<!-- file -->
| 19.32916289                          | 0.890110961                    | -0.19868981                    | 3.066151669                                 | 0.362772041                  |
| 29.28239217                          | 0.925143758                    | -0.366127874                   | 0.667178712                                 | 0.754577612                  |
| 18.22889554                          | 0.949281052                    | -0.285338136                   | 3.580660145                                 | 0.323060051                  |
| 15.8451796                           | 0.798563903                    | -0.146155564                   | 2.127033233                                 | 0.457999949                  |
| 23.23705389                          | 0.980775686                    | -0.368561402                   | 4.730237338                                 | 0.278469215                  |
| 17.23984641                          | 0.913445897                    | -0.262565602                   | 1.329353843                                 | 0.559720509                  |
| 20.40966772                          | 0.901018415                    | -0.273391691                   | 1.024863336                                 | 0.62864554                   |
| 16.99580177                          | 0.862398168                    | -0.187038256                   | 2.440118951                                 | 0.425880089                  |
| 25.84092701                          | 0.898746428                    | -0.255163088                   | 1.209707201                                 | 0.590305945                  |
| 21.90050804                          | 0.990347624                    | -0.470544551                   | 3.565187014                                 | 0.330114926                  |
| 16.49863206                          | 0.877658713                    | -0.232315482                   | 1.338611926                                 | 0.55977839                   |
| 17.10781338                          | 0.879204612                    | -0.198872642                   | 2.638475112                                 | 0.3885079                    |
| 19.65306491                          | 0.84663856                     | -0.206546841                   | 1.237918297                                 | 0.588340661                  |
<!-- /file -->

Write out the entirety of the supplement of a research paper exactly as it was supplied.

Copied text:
| 19.32916289                          | 0.890110961                    | -0.19868981                    | 3.066151669                                 | 0.362772041                  |
| 29.28239217                          | 0.925143758                    | -0.366127874                   | 0.667178712                                 | 0.754577612                  |
| 18.22889554                          | 0.949281052                    | -0.285338136                   | 3.580660145                                 | 0.323060051                  |
| 15.8451796                           | 0.798563903                    | -0.146155564                   | 2.127033233                                 | 0.457999949                  |
| 23.23705389                          | 0.980775686                    | -0.368561402                   | 4.730237338                                 | 0.278469215                  |
| 17.23984641                          | 0.913445897                    | -0.262565602                   | 1.329353843                                 | 0.559720509                  |
| 20.40966772                          | 0.901018415                    | -0.273391691                   | 1.024863336                                 | 0.62864554                   |
| 16.99580177                          | 0.862398168                    | -0.187038256                   | 2.440118951                                 | 0.425880089                  |
| 25.84092701                          | 0.898746428                    | -0.255163088                   | 1.209707201                                 | 0.590305945                  |
| 21.90050804                          | 0.990347624                    | -0.470544551                   | 3.565187014                                 | 0.330114926                  |
| 16.49863206                          | 0.877658713                    | -0.232315482                   | 1.338611926                                 | 0.55977839                   |
| 17.10781338                          | 0.879204612                    | -0.198872642                   | 2.638475112                                 | 0.3885079                    |
| 19.65306491                          | 0.84663856                     | -0.206546841                   | 1.237918297                                 | 0.588340661                  |